The Copenhagen conference – aimed at establishing rules that will supersede the Kyoto agreement – is undeniably a formidable challenge.
Differences between countries on the issues of burden sharing, financing mechanisms and the protection of intellectual property are very real. And for this reason my fear is that we may end up with a bad agreement that neither helps the planet nor promotes a healthier economic climate for European industry.
Under a French Presidency, the European Union took the lead with a commitment to reduce greenhouse gas emissions by 20 per cent by 2020, and even by 30 per cent in the event of a satisfactory international agreement in December. France is further committed to a 25 per cent reduction in fossil fuel consumption by 2020 and to tight restrictions on energy use in new and existing buildings, as well as measures to support renewable energy sources and a “greener” transport infrastructure.
Energy efficiency, it should be stressed, is one of the most vital parts of the solution and one where St Gobain’s building materials division is able to help. Carbon emissions from buildings, after all, represent about 20 per cent of the total amount of carbon emitted globally and there is huge potential to do something about this in an affordable and positive way, both through technological innovation and through new regulation. Such initiatives, importantly, will also create new employment.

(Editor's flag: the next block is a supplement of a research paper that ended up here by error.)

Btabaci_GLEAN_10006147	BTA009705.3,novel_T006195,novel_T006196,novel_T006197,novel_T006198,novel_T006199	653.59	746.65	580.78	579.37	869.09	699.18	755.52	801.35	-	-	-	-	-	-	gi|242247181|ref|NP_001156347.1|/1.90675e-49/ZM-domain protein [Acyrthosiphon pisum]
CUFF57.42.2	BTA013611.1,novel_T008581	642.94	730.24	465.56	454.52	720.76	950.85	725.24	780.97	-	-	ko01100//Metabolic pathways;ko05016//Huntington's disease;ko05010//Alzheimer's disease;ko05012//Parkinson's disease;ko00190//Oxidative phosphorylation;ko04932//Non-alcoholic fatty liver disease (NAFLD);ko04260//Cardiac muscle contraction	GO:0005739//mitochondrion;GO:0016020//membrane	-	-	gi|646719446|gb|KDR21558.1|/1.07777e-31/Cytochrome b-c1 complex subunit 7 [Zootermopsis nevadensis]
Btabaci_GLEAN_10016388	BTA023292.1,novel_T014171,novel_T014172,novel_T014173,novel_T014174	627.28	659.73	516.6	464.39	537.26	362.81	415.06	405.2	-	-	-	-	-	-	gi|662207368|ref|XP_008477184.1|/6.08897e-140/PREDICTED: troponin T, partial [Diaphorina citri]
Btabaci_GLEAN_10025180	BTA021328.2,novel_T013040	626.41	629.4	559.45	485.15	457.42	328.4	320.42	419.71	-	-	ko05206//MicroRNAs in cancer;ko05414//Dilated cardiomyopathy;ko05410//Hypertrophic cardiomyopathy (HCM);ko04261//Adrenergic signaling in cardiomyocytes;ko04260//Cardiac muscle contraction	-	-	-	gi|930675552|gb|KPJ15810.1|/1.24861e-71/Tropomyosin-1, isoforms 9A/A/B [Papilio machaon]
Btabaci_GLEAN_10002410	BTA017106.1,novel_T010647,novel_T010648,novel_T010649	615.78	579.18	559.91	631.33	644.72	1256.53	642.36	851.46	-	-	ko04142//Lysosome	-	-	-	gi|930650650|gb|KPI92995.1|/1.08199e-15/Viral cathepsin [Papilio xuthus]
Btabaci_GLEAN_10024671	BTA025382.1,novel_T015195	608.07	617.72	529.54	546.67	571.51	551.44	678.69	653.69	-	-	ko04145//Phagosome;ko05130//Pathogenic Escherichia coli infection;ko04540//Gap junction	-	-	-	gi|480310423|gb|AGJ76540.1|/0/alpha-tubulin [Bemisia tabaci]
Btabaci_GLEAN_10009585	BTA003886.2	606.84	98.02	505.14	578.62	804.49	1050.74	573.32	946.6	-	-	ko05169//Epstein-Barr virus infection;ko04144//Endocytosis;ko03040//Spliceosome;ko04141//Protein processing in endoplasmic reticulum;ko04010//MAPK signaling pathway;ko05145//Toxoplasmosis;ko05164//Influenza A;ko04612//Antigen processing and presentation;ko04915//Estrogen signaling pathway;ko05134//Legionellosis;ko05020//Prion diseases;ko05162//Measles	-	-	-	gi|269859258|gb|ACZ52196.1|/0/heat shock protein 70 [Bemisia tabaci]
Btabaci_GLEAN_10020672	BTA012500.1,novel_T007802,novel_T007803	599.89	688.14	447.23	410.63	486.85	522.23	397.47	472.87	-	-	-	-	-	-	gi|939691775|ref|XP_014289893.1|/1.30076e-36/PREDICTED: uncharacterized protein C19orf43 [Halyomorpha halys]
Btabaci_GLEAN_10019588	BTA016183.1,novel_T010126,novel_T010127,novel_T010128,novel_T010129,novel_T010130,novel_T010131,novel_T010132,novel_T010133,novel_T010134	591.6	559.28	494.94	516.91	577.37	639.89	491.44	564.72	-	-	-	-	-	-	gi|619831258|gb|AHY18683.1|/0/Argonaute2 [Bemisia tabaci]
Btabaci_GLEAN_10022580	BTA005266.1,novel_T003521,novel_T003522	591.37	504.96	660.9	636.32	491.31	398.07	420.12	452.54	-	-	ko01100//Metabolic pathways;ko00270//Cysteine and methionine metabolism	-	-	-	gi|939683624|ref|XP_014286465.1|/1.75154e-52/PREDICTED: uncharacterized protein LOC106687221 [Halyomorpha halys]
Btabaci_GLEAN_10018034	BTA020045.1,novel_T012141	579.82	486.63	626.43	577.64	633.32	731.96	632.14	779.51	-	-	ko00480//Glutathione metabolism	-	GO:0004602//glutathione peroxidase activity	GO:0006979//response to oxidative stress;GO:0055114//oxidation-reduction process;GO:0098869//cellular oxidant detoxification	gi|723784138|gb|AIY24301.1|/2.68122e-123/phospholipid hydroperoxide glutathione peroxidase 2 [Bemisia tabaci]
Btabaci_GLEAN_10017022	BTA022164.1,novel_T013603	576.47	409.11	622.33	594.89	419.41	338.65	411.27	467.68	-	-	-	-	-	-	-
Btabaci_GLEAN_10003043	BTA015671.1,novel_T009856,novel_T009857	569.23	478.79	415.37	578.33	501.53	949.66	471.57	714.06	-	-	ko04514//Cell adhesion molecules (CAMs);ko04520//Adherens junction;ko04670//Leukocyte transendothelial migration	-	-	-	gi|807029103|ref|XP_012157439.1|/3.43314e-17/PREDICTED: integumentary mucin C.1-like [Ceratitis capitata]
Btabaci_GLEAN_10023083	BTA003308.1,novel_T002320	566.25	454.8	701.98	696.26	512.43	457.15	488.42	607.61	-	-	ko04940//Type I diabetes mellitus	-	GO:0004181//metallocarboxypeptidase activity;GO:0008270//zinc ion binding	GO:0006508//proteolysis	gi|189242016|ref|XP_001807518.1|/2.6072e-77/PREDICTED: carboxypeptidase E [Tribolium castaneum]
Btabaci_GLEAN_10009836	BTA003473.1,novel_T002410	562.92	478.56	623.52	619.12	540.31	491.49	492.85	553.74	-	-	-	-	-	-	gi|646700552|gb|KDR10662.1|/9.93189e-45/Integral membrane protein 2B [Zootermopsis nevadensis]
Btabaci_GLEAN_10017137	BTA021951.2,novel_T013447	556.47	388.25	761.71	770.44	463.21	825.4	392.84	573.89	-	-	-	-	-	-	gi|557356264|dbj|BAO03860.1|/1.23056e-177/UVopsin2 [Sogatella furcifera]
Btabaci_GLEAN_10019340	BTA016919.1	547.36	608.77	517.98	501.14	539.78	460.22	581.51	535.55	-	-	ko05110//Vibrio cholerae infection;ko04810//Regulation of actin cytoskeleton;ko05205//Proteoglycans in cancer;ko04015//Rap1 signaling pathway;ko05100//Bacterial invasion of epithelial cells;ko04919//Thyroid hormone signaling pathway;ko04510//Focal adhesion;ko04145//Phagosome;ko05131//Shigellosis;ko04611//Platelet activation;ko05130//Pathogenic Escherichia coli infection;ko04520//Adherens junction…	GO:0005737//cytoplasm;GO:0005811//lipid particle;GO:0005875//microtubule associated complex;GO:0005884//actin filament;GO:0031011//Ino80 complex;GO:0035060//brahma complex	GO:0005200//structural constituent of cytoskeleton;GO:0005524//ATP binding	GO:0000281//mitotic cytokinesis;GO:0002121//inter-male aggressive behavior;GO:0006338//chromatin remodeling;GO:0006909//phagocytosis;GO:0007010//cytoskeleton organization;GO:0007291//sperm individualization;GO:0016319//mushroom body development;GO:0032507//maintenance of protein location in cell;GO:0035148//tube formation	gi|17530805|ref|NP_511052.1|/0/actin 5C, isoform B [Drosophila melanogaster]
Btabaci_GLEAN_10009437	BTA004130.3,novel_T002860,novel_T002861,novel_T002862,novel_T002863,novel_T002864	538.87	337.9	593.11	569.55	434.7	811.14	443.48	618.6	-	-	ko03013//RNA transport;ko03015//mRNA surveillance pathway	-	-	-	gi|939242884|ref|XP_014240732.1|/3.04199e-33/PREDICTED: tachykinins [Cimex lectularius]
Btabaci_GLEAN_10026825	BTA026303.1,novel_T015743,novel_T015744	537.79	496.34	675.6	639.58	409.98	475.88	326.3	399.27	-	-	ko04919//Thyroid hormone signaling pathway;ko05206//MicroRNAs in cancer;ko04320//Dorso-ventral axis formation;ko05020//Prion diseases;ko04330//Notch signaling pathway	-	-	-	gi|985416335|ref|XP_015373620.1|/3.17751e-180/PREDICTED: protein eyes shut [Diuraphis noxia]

Far from slowing the momentum, indeed, I strongly believe that the present crisis can accelerate moves toward a low-carbon economy. Energy efficiency is at the heart of our stimulus plans on both sides of the Atlantic to reignite growth. This said, while we at St Gobain strongly support an ambitious agenda for Copenhagen, our central concern is to ensure that the European industrial landscape remains competitive and that we avoid unilateral commitments that put our region at a disadvantage.
Companies have been calling for a stable framework. Industry needs visibility and transparency on what politicians intend to achieve in the way of reductions over the longer term (up to 2050), on what new competition rules should be implemented, and how the negotiators plan to establish a price for carbon. Will there be border taxes, emission taxes or carbon quotas – and if the latter what trading mechanism will be used?
European industry will inevitably struggle to make cuts of 20 to 30 per cent. But we are ready to stand up and be counted provided all the developed countries of the world sign up to the same targets as those proposed by the EU, provided the largest emerging economies agree to stabilize their emission levels in the medium term and then reduce them, and provided poorer nations are also willing to make a contribution to the effort in return for financial aid.
Above all, the measures taken must be in the context of promoting economic growth, whilst the sacrifices should be shared between the different industrial sectors (favoring those who strive to make the biggest efficiencies).
Pierre-André de Chalendar is CEO of St Gobain.